When Ms Hantke returned to regular life after the television show she started working as a personal trainer.

It is a job she still loves.

“I’ve been a personal trainer since 2012 … I have never ever struggled to have work,” she said.

Then, a decision to have a baby two years ago changed Ms Hantke’s life once again.

She kept training and working hard while pregnant; she even competed in strongman competitions.

“When I was 17 weeks pregnant I took part in my first strongman competition.

“The second one that I won I was maybe 32 weeks pregnant. I had to get a medical clearance to compete.”

But despite her desire to keep active and strong pre and post baby, the reality of having a tiny human enter her world hit Ms Hantke harder than she expected.

“I wasn’t prepared for the loss of independence.

“I wasn’t prepared for how much my life changed for having a child and that’s where the wheels fell off a bit.

“I became very housebound, I didn’t want to leave the house.

“I was so self-conscious of the fact that as time went on I wasn’t losing the [baby] weight. I felt like a failure.”

Ms Hantke said she experienced feelings of anxiety and depression

“It’s very easy to find excuses, it’s very hard to keep going.”

Needing something to aim for, Ms Hantke began training again in the hope of one day competing in weightlifting.

“I wanted to be a really strong and a really fit individual.

“I like being really strong. I’m really addicted to it.

“The biggest bit of advice I can give to people is when you train, whether it’s for physical or psychological reasons or both, you’ve got to have goals.”

Lifting for competition involves three key moves — squats, bench press and deadlift.

Ms Hantke said at the beginning it was very hard.

“There were days I just wanted to cry.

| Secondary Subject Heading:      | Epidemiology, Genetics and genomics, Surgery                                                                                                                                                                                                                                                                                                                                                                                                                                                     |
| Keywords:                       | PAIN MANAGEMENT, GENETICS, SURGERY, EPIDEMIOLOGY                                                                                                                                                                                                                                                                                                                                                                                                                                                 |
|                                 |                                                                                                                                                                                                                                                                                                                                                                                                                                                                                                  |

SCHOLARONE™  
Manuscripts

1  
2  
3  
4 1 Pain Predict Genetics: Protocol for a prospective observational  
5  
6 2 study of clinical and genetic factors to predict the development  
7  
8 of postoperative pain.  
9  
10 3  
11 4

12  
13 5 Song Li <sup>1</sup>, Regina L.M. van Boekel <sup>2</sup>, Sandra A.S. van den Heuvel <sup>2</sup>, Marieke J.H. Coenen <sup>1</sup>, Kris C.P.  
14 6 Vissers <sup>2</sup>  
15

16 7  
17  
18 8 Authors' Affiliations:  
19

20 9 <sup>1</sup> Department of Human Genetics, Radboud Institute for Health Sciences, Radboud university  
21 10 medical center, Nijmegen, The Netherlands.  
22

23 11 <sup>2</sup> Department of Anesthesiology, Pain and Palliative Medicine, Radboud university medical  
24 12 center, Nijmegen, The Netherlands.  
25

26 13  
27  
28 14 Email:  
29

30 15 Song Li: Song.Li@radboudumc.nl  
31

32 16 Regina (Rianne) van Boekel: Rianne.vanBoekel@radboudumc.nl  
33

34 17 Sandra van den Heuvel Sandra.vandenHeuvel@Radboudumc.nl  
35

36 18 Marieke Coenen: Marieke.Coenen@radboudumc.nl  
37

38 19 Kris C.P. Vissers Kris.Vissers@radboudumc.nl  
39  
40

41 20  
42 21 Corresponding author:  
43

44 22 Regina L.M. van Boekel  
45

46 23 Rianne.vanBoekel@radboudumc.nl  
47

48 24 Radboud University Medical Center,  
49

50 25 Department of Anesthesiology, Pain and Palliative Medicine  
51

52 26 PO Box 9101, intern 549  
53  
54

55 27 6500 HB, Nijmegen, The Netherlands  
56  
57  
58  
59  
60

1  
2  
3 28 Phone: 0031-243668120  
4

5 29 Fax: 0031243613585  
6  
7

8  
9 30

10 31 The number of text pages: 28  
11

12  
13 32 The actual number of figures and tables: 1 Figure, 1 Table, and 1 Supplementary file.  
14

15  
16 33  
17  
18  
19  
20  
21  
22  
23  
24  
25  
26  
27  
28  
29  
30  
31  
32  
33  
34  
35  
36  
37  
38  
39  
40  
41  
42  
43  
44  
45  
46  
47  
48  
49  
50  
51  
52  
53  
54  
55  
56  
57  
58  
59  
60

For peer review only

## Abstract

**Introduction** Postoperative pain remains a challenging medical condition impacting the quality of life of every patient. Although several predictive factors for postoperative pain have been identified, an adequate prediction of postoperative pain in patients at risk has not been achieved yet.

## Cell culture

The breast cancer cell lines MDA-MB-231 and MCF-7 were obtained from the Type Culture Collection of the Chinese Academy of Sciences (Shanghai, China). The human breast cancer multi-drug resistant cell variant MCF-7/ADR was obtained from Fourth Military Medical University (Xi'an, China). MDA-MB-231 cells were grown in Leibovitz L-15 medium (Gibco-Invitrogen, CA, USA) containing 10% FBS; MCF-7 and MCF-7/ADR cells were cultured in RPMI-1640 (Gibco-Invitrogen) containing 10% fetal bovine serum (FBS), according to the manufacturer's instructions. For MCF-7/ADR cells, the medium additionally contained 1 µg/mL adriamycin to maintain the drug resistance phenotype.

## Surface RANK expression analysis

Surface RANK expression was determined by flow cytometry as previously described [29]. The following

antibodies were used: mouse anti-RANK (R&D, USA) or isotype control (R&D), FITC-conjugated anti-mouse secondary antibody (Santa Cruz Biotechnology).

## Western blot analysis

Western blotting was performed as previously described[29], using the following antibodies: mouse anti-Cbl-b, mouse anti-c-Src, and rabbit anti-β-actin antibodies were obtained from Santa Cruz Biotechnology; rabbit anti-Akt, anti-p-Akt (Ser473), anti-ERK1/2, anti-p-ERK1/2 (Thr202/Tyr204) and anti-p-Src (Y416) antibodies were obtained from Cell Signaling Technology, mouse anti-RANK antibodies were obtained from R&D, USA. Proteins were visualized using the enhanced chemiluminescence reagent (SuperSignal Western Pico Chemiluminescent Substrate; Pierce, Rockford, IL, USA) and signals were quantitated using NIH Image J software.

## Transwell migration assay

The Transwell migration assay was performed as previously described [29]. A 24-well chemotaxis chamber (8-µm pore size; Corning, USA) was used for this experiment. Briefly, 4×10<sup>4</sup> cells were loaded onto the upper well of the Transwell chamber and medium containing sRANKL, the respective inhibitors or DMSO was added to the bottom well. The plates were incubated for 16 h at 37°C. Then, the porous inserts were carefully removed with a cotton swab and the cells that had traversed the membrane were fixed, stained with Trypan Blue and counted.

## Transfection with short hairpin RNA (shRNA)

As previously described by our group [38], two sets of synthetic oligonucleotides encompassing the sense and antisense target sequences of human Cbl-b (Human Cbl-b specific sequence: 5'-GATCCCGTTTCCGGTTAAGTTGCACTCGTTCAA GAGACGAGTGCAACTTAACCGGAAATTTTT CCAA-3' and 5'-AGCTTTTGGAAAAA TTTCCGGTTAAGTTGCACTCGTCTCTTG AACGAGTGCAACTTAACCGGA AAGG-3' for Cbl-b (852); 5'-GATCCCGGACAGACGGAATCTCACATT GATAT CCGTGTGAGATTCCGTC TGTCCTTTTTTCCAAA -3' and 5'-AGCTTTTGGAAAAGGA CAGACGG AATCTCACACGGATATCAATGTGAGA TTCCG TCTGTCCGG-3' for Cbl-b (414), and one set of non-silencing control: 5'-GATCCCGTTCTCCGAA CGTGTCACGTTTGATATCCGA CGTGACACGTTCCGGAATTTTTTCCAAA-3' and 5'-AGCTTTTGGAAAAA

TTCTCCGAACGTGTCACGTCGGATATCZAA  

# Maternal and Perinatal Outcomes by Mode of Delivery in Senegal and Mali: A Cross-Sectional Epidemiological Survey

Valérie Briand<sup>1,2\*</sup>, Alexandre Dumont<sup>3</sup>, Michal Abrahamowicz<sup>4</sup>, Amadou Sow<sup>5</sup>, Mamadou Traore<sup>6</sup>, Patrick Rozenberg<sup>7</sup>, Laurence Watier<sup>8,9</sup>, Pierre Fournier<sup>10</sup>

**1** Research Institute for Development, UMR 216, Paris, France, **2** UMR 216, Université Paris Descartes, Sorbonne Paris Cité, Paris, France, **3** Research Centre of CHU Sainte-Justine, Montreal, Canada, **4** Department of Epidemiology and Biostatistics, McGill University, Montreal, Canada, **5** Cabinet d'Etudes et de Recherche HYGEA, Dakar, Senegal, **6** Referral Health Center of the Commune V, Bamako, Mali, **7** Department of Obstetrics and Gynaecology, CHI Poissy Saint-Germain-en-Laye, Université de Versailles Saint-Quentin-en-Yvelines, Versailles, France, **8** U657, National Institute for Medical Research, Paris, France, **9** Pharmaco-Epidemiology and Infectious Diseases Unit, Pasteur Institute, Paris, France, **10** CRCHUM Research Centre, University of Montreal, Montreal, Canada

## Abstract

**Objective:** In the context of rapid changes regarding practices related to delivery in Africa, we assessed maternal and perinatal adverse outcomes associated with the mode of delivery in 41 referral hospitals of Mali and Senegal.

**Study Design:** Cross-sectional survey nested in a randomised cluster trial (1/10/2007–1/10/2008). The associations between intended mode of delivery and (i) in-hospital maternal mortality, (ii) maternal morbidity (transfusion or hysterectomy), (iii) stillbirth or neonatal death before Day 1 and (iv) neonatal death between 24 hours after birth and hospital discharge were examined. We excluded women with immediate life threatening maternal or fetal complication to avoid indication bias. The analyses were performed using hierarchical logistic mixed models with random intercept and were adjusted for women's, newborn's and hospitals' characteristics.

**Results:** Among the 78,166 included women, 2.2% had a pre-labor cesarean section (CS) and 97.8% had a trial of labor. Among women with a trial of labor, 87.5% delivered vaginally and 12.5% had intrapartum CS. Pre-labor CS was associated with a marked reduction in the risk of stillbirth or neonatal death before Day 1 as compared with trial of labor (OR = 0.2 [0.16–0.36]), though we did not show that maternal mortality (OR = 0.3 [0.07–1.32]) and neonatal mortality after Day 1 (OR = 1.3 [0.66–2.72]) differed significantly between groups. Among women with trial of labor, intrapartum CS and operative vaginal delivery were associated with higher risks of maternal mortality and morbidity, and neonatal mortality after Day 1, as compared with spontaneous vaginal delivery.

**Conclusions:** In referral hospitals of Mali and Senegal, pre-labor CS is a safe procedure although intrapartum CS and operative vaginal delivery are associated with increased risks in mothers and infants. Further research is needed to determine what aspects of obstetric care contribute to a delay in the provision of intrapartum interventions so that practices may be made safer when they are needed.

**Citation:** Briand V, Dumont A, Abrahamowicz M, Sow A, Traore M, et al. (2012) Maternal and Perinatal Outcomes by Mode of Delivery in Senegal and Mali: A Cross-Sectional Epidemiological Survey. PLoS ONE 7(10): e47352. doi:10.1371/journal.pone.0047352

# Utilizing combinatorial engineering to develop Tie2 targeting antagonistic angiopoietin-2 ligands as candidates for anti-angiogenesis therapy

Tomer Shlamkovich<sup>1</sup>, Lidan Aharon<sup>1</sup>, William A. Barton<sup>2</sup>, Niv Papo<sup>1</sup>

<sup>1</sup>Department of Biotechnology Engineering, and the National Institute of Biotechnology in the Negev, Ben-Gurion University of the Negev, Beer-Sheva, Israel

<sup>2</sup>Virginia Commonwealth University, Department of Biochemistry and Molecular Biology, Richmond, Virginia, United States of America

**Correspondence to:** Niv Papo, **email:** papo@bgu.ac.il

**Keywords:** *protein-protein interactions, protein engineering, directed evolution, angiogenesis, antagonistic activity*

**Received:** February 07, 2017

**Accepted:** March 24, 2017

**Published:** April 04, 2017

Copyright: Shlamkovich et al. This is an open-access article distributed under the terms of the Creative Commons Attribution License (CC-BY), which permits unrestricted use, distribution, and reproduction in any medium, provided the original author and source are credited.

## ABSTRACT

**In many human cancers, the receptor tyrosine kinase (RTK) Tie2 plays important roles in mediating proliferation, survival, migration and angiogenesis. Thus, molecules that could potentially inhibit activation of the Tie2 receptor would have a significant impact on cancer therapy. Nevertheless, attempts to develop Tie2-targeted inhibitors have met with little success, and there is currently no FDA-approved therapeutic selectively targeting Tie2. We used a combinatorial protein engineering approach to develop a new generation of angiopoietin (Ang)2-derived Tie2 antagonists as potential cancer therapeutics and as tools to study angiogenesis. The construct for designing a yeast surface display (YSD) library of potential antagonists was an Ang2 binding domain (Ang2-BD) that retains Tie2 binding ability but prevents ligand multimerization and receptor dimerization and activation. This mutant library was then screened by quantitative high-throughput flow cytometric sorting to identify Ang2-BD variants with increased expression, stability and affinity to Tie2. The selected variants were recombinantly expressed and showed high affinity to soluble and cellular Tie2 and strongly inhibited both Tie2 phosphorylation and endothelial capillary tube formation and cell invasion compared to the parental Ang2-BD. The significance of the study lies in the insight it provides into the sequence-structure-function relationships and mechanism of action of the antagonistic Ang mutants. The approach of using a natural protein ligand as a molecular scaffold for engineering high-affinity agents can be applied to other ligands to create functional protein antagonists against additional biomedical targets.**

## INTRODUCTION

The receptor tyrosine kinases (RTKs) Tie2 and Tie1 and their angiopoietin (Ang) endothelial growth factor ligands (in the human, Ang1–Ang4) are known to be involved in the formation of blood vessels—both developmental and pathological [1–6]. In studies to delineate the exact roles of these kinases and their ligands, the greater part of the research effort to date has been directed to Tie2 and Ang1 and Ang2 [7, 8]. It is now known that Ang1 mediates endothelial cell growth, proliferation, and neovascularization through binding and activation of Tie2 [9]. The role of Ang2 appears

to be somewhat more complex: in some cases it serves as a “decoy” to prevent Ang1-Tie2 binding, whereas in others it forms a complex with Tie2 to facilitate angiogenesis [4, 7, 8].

“I’ve got severe osteoarthritis in my knees. We really pushed my knees.”

Then last month she entered the powerlifting competition at the Festival of Strength, and she surprised herself by winning her first deadlift competition.

“I hadn’t really thought about winning … I just wanted to lift all the heavy things.”

Ms Hantke pulled a whopping 170 kilograms in her third lift to take out the competition.

She said her fitness, both physically and mentally, was now firmly back on track.

“I felt like the strongest person in the room.

“I wasn’t, but I felt like it.”

Topics: exercise-and-fitness, mental-health, human-interest, person, television, people, hobart-7000

The bizarre history of the hair dryer

Updated January 11, 2018 10:28:39

There was a time when washing your hair was seen as a perfectly acceptable excuse to decline an invitation out.

It wasn’t so much the washing that was taking up your time, but the drying.

Naturally, the French, with their impeccable sense of style, were the first to come up with a solution.

In 1888 hairdresser Alexandre Godefroy proposed covering the damp head with a cap that was linked by a tube to the hot air outlet of a gas stove.

It wasn’t exactly portable, but it did dry the hair, even if it needed a valve to let out the steam as the hair dried or else your head would get gently cooked.

It was a major step forward from previous hair-drying contraptions, which amounted to little more than earthenware jars filled with hot water that were placed on the head.

Mr Godefroy’s invention set into motion a number of variations around the world and by the 1920s there were electrical, handheld dryers which incorporated a heating element and a fan.